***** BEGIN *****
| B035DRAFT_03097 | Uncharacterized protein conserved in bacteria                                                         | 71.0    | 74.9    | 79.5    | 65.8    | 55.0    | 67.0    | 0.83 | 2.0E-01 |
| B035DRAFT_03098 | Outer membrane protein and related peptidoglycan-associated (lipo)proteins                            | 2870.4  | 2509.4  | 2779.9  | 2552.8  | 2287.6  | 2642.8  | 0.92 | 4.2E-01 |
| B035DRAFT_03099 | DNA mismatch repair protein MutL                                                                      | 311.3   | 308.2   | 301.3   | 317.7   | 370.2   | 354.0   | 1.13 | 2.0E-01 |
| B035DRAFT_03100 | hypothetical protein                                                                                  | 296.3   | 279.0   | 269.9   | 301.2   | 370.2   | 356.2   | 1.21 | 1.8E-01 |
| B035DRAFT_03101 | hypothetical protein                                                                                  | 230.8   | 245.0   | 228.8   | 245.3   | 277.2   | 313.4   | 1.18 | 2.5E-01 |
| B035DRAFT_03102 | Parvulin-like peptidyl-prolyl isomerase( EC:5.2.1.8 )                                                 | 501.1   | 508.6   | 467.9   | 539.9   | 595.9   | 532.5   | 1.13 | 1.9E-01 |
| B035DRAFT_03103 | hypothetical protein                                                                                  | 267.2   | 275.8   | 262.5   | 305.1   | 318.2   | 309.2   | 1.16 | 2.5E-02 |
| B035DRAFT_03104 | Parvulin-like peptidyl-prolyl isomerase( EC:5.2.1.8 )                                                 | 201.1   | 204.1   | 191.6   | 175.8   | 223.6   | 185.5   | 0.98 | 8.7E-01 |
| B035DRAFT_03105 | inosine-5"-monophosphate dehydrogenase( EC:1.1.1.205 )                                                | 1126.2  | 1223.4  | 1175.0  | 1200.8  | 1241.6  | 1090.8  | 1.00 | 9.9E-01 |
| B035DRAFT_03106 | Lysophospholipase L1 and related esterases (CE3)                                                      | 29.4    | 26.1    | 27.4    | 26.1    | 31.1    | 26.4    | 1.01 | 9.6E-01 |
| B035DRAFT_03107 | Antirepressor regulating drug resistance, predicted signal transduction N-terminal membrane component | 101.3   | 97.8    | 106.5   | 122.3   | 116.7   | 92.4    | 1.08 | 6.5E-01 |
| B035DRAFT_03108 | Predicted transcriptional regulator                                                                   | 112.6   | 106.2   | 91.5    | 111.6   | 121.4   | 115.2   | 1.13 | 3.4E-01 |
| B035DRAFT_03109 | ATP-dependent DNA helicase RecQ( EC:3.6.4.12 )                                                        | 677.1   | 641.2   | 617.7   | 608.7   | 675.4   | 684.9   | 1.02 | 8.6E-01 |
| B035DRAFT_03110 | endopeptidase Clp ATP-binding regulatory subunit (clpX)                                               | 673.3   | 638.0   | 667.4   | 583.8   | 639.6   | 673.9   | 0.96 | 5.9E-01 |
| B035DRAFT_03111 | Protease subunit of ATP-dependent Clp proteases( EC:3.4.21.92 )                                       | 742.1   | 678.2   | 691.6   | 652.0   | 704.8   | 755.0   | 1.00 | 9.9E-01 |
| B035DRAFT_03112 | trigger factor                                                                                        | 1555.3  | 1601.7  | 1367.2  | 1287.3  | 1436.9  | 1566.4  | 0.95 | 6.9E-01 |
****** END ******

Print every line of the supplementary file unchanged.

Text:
| B035DRAFT_03097 | Uncharacterized protein conserved in bacteria                                                         | 71.0    | 74.9    | 79.5    | 65.8    | 55.0    | 67.0    | 0.83 | 2.0E-01 |
| B035DRAFT_03098 | Outer membrane protein and related peptidoglycan-associated (lipo)proteins                            | 2870.4  | 2509.4  | 2779.9  | 2552.8  | 2287.6  | 2642.8  | 0.92 | 4.2E-01 |
| B035DRAFT_03099 | DNA mismatch repair protein MutL                                                                      | 311.3   | 308.2   | 301.3   | 317.7   | 370.2   | 354.0   | 1.13 | 2.0E-01 |
| B035DRAFT_03100 | hypothetical protein                                                                                  | 296.3   | 279.0   | 269.9   | 301.2   | 370.2   | 356.2   | 1.21 | 1.8E-01 |
| B035DRAFT_03101 | hypothetical protein                                                                                  | 230.8   | 245.0   | 228.8   | 245.3   | 277.2   | 313.4   | 1.18 | 2.5E-01 |
| B035DRAFT_03102 | Parvulin-like peptidyl-prolyl isomerase( EC:5.2.1.8 )                                                 | 501.1   | 508.6   | 467.9   | 539.9   | 595.9   | 532.5   | 1.13 | 1.9E-01 |
| B035DRAFT_03103 | hypothetical protein                                                                                  | 267.2   | 275.8   | 262.5   | 305.1   | 318.2   | 309.2   | 1.16 | 2.5E-02 |
| B035DRAFT_03104 | Parvulin-like peptidyl-prolyl isomerase( EC:5.2.1.8 )                                                 | 201.1   | 204.1   | 191.6   | 175.8   | 223.6   | 185.5   | 0.98 | 8.7E-01 |
| B035DRAFT_03105 | inosine-5"-monophosphate dehydrogenase( EC:1.1.1.205 )                                                | 1126.2  | 1223.4  | 1175.0  | 1200.8  | 1241.6  | 1090.8  | 1.00 | 9.9E-01 |
| B035DRAFT_03106 | Lysophospholipase L1 and related esterases (CE3)                                                      | 29.4    | 26.1    | 27.4    | 26.1    | 31.1    | 26.4    | 1.01 | 9.6E-01 |
| B035DRAFT_03107 | Antirepressor regulating drug resistance, predicted signal transduction N-terminal membrane component | 101.3   | 97.8    | 106.5   | 122.3   | 116.7   | 92.4    | 1.08 | 6.5E-01 |
| B035DRAFT_03108 | Predicted transcriptional regulator                                                                   | 112.6   | 106.2   | 91.5    | 111.6   | 121.4   | 115.2   | 1.13 | 3.4E-01 |
| B035DRAFT_03109 | ATP-dependent DNA helicase RecQ( EC:3.6.4.12 )                                                        | 677.1   | 641.2   | 617.7   | 608.7   | 675.4   | 684.9   | 1.02 | 8.6E-01 |
| B035DRAFT_03110 | endopeptidase Clp ATP-binding regulatory subunit (clpX)                                               | 673.3   | 638.0   | 667.4   | 583.8   | 639.6   | 673.9   | 0.96 | 5.9E-01 |
| B035DRAFT_03111 | Protease subunit of ATP-dependent Clp proteases( EC:3.4.21.92 )                                       | 742.1   | 678.2   | 691.6   | 652.0   | 704.8   | 755.0   | 1.00 | 9.9E-01 |
| B035DRAFT_03112 | trigger factor                                                                                        | 1555.3  | 1601.7  | 1367.2  | 1287.3  | 1436.9  | 1566.4  | 0.95 | 6.9E-01 |